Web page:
michel123456

Lattice geometry of Graphene- Split from Today I Learned

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On 1/2/2019 at 1:20 PM, Strange said:

Today I learned that graphene can self repair:

https://en.wikipedia.org/wiki/Graphene

Hexagonal pattern works well for surfaces (2D).

However in 3D I wonder what kind of "hexagonal pattern" it really is. The "chicken wire" pattern shown in Wiki is a mix of hexagons & pentagons.

Fullerene-C60.png

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28 minutes ago, michel123456 said:

Hexagonal pattern works well for surfaces (2D).

However in 3D I wonder what kind of "hexagonal pattern" it really is. The "chicken wire" pattern shown in Wiki is a mix of hexagons & pentagons.

Yes, you can only tile a flat surface with hexagons. For curved surfaces you either need a mixture of different, possibly irregular, polygons or you can use triangles

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22 minutes ago, Strange said:

Yes, you can only tile a flat surface with hexagons

 

I'm sorry run that past me again.?

 

 

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1 hour ago, studiot said:

I'm sorry run that past me again.?

Ah. I see the ambiguity now. Hexagons can only tile a flat surface, is what I meant. 

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7 minutes ago, Strange said:

Ah. I see the ambiguity now. Hexagons can only tile a flat surface, is what I meant. 

I think you should have added: "...of the same size".

G%C3%A9ode_V_3_1_duale.gif                                                      latest?cb=20131231013931&sp=690b61d8a661

Edited by StringJunky

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8 minutes ago, StringJunky said:

I think you should have added: "...of the same size".

Those use a mixture of hexagons and pentagons

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10 minutes ago, StringJunky said:

I think you should have added: "...of the same size".

Doesn't your pictures mix pentagons and hexagons? So that:

14 minutes ago, Strange said:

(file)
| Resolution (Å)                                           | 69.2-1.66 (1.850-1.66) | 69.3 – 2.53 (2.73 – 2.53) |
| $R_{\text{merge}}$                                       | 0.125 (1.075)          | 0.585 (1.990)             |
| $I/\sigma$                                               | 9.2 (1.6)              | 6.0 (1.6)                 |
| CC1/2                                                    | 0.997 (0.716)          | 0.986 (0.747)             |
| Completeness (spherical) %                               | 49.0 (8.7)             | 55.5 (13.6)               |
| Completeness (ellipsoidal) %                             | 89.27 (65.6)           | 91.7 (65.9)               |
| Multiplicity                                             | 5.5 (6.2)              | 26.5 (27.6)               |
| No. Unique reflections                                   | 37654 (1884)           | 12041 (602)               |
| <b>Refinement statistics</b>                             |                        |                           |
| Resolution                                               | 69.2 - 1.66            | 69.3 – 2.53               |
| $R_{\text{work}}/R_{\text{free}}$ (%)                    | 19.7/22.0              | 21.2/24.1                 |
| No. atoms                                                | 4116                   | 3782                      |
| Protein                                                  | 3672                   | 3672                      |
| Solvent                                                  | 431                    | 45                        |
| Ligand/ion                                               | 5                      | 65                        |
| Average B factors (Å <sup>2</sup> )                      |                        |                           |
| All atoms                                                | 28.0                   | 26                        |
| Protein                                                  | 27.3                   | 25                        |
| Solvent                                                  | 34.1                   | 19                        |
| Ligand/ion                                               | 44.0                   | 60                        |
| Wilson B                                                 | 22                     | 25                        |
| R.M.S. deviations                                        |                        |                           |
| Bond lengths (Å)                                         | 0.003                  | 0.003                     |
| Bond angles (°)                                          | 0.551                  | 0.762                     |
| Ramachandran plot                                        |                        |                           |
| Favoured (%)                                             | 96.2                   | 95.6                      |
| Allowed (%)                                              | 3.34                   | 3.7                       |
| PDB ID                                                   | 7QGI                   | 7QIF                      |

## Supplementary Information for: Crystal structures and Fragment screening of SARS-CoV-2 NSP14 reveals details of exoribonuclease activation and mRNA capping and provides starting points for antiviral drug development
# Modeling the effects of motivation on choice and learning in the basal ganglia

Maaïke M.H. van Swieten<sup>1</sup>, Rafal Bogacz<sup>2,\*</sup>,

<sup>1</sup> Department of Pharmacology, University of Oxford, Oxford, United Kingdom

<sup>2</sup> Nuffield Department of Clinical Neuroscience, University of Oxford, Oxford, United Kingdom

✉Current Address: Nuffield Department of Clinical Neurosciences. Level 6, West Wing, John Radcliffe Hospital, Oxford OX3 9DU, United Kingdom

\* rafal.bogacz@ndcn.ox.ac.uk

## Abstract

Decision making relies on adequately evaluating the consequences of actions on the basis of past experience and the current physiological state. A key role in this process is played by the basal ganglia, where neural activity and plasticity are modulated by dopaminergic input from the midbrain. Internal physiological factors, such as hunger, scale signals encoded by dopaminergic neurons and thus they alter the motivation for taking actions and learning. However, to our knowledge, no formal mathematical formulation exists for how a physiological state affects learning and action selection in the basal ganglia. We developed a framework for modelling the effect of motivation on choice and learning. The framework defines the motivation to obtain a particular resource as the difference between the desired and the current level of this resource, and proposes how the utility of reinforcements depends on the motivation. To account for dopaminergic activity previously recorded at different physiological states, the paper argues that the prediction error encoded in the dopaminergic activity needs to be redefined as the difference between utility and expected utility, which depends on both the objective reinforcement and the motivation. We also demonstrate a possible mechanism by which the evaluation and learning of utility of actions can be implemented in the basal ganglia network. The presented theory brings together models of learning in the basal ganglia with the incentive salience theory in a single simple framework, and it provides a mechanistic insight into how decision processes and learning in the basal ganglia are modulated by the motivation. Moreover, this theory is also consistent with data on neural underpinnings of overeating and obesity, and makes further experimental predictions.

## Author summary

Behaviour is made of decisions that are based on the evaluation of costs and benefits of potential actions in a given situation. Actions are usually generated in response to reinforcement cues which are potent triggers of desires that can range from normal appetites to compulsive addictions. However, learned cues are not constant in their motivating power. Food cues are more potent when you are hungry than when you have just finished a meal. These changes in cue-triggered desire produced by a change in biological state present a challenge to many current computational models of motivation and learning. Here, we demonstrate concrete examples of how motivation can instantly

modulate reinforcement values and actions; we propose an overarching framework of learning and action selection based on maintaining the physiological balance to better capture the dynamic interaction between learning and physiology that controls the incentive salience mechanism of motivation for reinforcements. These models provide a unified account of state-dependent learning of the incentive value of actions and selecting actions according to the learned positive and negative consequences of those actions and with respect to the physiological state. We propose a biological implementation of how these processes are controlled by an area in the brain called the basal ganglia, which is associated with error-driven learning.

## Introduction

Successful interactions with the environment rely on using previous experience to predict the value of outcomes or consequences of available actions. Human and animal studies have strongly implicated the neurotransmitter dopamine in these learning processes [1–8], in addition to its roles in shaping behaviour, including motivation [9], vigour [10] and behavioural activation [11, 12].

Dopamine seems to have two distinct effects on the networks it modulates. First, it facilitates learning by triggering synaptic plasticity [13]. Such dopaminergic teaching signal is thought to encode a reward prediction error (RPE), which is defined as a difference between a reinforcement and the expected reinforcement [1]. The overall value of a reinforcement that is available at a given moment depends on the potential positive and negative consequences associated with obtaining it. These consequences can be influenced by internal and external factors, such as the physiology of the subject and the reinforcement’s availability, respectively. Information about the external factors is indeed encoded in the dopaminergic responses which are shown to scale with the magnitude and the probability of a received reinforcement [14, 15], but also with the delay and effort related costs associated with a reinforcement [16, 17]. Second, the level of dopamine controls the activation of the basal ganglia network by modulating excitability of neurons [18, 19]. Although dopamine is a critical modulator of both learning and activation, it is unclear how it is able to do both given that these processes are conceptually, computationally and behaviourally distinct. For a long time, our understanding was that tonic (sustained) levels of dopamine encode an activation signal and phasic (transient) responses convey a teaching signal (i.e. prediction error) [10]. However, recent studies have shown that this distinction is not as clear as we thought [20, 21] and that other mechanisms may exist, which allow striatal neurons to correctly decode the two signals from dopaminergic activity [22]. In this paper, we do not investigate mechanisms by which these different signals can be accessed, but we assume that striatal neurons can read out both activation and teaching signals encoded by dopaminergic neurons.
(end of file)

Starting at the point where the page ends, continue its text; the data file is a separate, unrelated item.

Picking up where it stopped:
Hexagons can only tile a flat surface

should be something like: using equally sized hexagons only one can only tile a flat surface :-)

 

Edited by Ghideon
x-posted with @strange

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12 minutes ago, StringJunky said:

I think you should have added: "...of the same size".

G%C3%A9ode_V_3_1_duale.gif                                                      latest?cb=20131231013931&sp=690b61d8a661

 

Screen Shot 01-21-19 at 01.30 PM.JPG

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2 hours ago, Strange said:

Those use a mixture of hexagons and pentagons

 

2 hours ago, Ghideon said:

Doesn't your pictures mix pentagons and hexagons? So that:

should be something like: using equally sized hexagons only one can only tile a flat surface :-)

 

Duh!  :)

2 hours ago, michel123456 said:

 

Screen Shot 01-21-19 at 01.30 PM.JPG

 

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Hexagons can only tile an infinite flat surface.

They can't tile say for instance the top of a chocolate box (yum).

What I was referring to was that triangles and squares and some rectangles can (and of course straight lines, though that is usually referred to as ruling not tiling, though the process is identical)

Of course if you allow more than one shape onto the pitch (or bend the pitch) you are into Escher and Penrose tiling.

Edited by studiot